Patching is like oatmeal, it’s good for you, but no one cares except your mom. If you’ve been in the sysadmin trenches for any length of time, you understand that patching is necessary, and “no news is good news.” Good patching should go unnoticed.
We patch primarily for three main reasons:
Security - Keep out bad guys
Features - New things that help users
Consistency - Supporting one software version is easier than 30
In this blog we’ll learn how to:
Take inventory of the patching status of an application.
Identify/create Dynamic Groups that target the computers needing the patch.
Download/create the package to deploy.
Create a schedule and identify triggers, targets, and packages.
Create a report for Compliance Status.
Create an Auto-Report to email patch status at regular intervals.
You don’t need to fix what isn’t there. The first step is knowing what software packages you have. PDQ Inventory can help answer these questions:
I can search for NotePad++ using the default Application Counts Report and find:
I see that I’ve got 134 installations of the software and both 32Bit and 64Bit versions. For me, if it’s over ten installs, then I choose to set up a baseline for it. Your threshold may be different. Now, I want to see the distribution of versions I need to work with. Using the default Applications Report I can search for NotePad++ and find:
I have quite a few different versions. So we need a baseline to keep this software up-to-date!
Good targeting is the key to a successful baseline. Use the built-in applications count report to search for what you’re trying to target. For NotePad++ we will use the built-in group, but you could also make your own group as well:
Notice the different groups as they relate to versions. PDQ publishes new variables for these versions that are updated as a new package comes out. Keep in mind that you also have the option to create custom variables to support custom packages.
Navigate to the Package Library in PDQ Deploy and download the NotePad++ package as an auto download.
I prefer to let the rest of the world test new software before it hits my client machines, so I like to wait three days before I automatically download it.
Click on All Schedules in PDQ Deploy and create a new schedule:
I like to name my baselines with a prefix of BASELINE simply for organization and to differentiate from temporary schedules. I also like to use a combination of daily and heartbeat triggers as a catch all. The idea is that I can deploy to all desktops (or laptops if they’re there) at 7:00PM at night or whatever is appropriate after-hours for your company. Then, I use a heartbeat trigger a half hour later that is active to deploy to laptops that start checking in the next morning.
On to Targets: Choose PDQ Inventory / Collection
This is an important decision point. Do you only want to patch existing versions of the software?
Choose OLD Groups ONLY ( Custom groups I’ll often Name VERSION LOW).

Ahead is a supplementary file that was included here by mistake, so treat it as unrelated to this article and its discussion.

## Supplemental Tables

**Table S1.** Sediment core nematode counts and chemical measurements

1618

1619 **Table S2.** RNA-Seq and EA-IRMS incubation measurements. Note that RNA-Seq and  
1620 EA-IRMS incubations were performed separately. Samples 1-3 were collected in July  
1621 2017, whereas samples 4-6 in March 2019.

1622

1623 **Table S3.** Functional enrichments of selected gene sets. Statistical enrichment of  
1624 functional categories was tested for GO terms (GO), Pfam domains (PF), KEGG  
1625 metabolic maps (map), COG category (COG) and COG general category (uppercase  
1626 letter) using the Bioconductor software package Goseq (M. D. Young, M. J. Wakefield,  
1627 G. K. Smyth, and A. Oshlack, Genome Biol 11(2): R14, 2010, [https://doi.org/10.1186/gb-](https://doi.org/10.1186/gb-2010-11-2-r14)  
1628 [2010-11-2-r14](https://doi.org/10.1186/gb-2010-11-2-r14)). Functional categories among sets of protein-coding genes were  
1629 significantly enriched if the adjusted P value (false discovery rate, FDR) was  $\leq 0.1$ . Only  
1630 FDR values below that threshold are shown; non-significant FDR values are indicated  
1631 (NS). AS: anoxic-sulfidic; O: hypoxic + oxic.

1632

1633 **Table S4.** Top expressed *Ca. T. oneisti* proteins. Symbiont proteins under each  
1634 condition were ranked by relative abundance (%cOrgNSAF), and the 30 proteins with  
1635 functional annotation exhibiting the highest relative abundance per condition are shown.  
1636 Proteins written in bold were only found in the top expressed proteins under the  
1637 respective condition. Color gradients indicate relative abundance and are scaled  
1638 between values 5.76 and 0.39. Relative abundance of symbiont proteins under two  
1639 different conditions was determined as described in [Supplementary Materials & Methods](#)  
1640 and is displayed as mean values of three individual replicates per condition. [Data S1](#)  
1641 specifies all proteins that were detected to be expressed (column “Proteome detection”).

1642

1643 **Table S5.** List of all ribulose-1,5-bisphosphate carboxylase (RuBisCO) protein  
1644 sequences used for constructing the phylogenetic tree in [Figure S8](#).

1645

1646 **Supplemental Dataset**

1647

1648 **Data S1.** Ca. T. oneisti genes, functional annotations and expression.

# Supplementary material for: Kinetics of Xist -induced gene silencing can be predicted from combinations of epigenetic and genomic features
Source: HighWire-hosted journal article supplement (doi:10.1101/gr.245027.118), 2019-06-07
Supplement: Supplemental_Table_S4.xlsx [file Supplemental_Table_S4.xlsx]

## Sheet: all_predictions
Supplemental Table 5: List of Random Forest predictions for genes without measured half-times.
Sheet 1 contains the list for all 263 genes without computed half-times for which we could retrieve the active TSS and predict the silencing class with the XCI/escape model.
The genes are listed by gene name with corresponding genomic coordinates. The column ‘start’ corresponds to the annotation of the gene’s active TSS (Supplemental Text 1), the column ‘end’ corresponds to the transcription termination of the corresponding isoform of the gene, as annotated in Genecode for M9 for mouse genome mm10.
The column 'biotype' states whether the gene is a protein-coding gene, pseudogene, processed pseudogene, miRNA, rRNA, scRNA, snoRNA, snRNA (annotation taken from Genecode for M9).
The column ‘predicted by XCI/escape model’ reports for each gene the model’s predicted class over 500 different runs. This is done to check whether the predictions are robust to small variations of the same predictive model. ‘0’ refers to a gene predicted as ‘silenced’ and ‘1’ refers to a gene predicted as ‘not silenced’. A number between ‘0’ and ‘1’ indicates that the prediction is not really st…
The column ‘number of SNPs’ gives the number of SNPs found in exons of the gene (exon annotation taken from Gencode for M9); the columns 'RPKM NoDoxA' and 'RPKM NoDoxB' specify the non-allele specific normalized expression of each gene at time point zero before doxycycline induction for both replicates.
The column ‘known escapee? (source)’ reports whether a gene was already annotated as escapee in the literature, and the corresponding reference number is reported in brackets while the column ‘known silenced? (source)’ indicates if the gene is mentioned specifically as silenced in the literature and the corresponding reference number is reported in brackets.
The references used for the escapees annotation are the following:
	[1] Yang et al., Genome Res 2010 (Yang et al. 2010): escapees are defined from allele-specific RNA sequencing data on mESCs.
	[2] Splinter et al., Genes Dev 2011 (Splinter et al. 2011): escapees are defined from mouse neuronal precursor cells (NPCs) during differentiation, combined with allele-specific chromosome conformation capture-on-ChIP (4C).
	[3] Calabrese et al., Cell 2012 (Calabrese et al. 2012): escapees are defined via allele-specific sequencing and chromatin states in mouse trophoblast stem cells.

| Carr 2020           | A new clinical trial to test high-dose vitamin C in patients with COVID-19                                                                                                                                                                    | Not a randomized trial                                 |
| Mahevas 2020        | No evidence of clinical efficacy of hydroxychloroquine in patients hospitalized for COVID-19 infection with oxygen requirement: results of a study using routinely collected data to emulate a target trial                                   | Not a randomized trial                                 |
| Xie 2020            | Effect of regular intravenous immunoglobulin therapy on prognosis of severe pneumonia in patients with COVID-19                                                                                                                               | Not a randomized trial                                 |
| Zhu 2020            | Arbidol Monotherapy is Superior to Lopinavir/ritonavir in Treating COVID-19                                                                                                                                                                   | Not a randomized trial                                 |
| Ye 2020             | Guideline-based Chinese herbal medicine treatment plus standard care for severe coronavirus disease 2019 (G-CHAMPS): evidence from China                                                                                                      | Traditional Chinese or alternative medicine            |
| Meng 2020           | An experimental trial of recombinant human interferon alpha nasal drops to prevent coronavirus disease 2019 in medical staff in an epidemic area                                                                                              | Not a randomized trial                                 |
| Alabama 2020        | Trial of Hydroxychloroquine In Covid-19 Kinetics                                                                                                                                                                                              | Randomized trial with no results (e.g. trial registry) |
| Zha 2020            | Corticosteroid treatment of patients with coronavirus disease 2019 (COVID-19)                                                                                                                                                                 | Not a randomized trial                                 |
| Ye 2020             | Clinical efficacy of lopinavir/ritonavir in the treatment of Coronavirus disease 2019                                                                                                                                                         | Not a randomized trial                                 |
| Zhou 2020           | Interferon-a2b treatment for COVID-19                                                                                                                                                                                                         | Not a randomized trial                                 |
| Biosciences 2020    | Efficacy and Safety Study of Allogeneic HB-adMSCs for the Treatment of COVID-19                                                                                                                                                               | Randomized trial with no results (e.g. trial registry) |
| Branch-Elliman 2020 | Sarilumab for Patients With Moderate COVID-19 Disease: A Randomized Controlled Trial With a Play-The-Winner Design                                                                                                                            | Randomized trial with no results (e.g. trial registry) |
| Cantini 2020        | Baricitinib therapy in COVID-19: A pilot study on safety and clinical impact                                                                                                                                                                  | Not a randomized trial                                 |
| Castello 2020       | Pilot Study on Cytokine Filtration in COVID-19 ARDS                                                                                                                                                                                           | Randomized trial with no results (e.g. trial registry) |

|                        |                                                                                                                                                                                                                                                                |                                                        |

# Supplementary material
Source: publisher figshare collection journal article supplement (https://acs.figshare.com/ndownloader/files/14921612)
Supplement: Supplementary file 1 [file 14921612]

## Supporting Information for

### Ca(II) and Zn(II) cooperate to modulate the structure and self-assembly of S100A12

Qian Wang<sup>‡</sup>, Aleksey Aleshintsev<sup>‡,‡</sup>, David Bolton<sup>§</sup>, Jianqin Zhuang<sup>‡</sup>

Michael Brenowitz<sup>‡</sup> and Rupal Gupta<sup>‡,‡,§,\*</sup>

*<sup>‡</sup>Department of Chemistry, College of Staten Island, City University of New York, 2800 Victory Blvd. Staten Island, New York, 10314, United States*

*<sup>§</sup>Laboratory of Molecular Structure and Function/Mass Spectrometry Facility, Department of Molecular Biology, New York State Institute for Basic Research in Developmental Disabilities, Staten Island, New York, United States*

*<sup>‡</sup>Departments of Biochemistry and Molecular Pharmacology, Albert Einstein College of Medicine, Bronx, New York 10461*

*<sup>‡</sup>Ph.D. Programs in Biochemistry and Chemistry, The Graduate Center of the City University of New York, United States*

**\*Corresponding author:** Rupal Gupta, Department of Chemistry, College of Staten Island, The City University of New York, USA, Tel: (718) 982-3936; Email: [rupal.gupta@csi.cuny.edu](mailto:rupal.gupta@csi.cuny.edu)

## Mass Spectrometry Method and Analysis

Or is it really important and you want it on every system as a corporate standard?
Choose OLD and MISSING Groups.
In my example, I want to enforce this on all machines. On the packages tab attach the NotePad++ package you downloaded.
It’s Monday morning and I’m called into an emergency security meeting. The IT director and the security guy want to have a “friendly chat” and do their job of making sure I’m doing my job. I know I have everything set, but I need a way to show it...
In PDQ inventory, create a report then link it to an Auto Report on the current state of an application.
Under Columns, I just chose Computer Name. You can add more if that’s applicable to your situation. Under filters, I added our four groups that are flagged for being out of compliance. Now, create an Auto Report and attach the report you just created and email it every Monday at 8:00 am or weekly, whatever is appropriate.
These reports accomplish two things:
I have an email letting me know specifically what has not been patched yet and if a deployment requires my intervention.
The emergency meetings stop when I start sending regular reports to the IT Director and the security guy. It shows them that I’m organized and proactive toward security.
For the simplicity of this article, we used a pre-built package. You can do this with custom packages as well with software unique to your business. The additional requirements include building and maintaining your own packages and setting up dynamic groups for specific software. I recommend checking out this short video on custom variables to use with your dynamic group.
This will be a future blog with more detail, but I want to encourage you to think about integrating a test group into your patch cycle. The basic concept is creating a cross-section of computers in your organization and making a pilot group. A pilot group can be identified by:
Logged on User (careful of Conference/Lab/Kiosk computers with this strategy)
Consider having two auto-download packages, one for the pilot group for immediate download and the other three to seven days later.
It seems like a lot of work upfront, but when there’s a critical patch released you can go home and forget about it until the nextmorning. You get the evening back with your family and can walk in the next day to tell your boss that you’re testing machines and the updates are scheduled for deployment in two days.
Happy family, happy boss, and more time to automate other things. So go be awesome!